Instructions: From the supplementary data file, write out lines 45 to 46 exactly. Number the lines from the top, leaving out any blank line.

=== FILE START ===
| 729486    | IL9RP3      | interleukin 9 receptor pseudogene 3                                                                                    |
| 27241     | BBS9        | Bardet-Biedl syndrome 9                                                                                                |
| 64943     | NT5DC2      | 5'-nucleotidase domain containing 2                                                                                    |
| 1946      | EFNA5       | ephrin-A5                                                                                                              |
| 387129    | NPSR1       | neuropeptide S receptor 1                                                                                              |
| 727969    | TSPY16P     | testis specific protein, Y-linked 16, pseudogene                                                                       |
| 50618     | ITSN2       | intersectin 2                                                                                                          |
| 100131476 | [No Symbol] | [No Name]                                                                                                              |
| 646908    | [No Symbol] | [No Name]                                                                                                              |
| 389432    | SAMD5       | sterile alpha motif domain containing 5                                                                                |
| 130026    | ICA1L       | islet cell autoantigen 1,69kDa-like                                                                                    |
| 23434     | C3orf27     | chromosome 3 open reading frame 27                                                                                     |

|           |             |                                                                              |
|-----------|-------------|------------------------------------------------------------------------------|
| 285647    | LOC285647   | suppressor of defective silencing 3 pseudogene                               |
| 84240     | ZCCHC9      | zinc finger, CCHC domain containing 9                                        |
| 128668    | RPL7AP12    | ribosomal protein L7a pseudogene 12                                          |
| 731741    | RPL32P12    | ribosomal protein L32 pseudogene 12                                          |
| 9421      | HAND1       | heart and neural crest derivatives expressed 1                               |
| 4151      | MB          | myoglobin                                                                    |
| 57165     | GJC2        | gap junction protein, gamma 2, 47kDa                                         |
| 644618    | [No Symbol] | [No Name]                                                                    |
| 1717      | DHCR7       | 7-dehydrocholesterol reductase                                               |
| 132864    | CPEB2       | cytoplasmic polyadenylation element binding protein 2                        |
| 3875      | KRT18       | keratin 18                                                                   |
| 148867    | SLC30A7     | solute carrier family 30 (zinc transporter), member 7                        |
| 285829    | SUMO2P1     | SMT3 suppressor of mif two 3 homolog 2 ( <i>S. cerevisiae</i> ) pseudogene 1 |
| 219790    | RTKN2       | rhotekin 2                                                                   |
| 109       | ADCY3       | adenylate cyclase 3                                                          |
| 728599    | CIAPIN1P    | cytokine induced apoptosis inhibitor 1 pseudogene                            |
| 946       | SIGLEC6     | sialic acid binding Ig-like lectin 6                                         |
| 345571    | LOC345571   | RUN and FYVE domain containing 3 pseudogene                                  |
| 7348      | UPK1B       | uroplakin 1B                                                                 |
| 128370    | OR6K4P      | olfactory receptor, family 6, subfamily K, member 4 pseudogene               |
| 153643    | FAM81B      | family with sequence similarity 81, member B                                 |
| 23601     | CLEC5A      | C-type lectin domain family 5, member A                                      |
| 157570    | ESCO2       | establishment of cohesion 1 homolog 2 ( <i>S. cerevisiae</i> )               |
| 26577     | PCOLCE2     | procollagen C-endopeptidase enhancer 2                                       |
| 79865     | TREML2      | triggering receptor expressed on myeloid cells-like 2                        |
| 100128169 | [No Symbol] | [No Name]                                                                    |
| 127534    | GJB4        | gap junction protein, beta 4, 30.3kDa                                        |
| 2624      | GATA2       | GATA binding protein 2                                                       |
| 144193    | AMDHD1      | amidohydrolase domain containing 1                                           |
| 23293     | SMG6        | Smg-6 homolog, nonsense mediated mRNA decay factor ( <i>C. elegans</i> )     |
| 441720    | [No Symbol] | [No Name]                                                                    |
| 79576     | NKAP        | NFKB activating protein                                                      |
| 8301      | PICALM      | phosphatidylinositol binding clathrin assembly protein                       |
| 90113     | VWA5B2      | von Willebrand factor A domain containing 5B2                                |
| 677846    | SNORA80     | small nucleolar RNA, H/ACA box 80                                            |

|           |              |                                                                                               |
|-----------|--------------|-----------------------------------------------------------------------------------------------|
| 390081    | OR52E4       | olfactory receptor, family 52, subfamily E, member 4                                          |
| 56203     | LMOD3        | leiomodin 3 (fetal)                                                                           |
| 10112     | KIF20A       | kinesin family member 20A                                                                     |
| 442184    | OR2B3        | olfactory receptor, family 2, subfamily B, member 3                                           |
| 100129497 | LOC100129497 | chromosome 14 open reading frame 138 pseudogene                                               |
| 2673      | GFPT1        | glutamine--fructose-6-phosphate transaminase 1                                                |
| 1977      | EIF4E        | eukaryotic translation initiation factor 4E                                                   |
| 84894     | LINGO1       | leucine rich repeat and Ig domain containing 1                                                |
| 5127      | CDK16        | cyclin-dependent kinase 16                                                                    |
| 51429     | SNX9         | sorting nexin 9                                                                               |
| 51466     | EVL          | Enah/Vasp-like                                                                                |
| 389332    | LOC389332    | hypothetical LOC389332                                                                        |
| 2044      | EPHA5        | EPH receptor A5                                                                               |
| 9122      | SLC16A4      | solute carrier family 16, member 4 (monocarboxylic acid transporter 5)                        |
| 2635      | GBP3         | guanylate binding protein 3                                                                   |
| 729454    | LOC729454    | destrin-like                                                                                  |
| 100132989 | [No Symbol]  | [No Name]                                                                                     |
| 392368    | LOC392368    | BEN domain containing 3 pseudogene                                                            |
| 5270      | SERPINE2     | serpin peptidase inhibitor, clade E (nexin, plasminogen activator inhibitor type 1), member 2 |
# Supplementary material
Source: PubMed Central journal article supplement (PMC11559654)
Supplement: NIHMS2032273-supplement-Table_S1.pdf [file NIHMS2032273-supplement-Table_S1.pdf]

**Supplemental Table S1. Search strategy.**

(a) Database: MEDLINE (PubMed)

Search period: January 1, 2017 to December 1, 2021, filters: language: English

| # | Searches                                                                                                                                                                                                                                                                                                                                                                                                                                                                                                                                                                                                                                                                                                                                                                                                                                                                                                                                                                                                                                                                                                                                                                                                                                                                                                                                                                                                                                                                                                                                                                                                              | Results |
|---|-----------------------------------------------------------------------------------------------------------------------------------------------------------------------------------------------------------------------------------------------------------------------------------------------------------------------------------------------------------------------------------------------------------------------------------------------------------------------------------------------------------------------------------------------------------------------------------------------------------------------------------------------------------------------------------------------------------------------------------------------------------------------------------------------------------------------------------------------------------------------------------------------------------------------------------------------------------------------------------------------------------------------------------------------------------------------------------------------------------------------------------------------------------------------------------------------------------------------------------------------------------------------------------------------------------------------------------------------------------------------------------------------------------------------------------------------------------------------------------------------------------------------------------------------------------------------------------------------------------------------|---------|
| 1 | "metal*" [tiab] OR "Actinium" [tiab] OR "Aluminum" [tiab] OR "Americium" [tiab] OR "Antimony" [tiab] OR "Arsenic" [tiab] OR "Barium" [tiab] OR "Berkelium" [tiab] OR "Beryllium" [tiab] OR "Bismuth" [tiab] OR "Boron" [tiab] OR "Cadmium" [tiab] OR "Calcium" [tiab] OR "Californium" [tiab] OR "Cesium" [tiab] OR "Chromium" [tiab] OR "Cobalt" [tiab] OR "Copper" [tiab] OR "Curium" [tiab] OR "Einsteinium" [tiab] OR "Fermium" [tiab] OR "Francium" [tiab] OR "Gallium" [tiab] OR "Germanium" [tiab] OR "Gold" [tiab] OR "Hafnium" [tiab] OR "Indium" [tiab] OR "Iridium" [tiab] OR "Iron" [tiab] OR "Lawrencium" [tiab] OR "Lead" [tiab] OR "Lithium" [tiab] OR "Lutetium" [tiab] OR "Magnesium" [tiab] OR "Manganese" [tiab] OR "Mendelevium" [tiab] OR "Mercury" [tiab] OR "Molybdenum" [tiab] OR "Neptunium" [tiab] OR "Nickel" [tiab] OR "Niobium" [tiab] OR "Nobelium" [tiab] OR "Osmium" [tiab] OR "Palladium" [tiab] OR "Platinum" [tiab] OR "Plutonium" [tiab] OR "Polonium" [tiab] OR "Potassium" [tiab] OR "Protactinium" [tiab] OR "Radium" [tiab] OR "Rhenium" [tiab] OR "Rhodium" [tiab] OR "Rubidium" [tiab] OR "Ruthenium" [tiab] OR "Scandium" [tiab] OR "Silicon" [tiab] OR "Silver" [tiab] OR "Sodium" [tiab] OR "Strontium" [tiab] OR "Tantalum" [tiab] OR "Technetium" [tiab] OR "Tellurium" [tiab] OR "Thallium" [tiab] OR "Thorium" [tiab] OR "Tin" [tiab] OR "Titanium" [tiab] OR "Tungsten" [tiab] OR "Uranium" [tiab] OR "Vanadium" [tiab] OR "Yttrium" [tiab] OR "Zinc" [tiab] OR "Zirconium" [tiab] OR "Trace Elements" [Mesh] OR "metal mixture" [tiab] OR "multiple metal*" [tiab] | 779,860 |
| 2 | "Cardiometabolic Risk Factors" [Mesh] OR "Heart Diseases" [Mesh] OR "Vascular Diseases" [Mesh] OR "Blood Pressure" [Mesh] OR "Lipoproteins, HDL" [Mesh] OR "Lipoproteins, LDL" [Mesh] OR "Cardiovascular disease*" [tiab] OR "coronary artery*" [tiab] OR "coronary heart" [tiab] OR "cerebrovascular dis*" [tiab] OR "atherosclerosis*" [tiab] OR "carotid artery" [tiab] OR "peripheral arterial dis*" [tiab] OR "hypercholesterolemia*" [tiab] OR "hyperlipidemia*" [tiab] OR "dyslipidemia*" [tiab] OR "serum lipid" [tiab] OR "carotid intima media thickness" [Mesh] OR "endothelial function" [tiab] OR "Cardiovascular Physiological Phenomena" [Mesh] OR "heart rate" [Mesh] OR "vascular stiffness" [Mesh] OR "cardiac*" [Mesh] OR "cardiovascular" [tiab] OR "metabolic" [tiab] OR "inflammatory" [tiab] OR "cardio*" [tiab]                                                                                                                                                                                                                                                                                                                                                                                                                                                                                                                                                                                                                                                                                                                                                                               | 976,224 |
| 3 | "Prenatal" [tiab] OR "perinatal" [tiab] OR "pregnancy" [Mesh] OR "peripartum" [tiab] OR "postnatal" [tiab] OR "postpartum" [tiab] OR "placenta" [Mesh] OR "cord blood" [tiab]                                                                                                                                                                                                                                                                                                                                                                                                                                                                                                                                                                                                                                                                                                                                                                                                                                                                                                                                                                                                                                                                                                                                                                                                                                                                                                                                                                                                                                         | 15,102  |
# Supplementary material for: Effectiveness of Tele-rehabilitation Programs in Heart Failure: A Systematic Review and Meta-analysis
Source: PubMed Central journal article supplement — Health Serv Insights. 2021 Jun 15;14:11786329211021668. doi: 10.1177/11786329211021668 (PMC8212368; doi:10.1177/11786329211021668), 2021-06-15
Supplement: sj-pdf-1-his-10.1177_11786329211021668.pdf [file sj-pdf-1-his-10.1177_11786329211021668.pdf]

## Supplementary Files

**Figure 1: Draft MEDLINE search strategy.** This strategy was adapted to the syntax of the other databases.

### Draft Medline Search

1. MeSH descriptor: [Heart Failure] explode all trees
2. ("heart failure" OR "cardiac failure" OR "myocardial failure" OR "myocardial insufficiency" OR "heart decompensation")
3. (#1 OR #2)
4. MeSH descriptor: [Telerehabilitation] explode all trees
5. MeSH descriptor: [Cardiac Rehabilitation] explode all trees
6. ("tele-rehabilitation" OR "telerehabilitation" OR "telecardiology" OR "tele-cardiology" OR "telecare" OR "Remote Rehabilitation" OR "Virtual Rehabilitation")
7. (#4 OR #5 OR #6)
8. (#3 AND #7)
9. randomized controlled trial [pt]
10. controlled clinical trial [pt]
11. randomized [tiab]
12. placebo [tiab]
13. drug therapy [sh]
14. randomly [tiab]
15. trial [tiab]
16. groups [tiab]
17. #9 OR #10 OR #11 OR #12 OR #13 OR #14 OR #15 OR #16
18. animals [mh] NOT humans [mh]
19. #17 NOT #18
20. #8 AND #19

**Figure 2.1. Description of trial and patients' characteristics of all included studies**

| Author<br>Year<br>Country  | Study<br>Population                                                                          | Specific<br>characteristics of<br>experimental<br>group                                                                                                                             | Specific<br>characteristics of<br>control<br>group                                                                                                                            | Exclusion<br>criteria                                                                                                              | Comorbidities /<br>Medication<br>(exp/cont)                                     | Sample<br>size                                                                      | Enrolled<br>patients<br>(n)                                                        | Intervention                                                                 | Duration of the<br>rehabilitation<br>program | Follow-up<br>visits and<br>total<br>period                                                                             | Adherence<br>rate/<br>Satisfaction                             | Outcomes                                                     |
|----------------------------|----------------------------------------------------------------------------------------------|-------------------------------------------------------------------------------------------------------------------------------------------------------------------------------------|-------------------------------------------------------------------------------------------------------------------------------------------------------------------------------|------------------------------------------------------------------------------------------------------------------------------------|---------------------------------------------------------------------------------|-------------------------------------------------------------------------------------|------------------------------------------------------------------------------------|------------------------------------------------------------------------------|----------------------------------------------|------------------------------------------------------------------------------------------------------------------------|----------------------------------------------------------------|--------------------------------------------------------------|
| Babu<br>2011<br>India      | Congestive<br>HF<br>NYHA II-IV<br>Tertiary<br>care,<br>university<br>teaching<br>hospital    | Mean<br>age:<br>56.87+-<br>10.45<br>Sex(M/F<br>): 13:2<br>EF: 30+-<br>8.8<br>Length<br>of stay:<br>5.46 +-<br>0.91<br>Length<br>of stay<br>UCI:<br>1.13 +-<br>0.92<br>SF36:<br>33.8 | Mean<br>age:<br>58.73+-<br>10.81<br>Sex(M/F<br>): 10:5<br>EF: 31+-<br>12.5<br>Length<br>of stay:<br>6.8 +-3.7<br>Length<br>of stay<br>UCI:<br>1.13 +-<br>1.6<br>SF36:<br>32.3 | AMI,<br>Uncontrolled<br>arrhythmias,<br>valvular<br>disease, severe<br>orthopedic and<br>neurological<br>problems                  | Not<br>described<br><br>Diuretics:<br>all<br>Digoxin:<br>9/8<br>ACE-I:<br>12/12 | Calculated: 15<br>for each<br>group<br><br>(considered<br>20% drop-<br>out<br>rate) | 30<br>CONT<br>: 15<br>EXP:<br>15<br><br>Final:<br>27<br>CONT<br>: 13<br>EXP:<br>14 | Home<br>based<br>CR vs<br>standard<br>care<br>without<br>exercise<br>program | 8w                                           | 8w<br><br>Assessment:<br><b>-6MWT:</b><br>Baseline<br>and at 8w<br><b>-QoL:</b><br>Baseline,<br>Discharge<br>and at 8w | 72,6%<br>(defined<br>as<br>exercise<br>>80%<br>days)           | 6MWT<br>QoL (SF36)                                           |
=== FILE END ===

| 441720    | [No Symbol] | [No Name]                                                                    |
| 79576     | NKAP        | NFKB activating protein                                                      |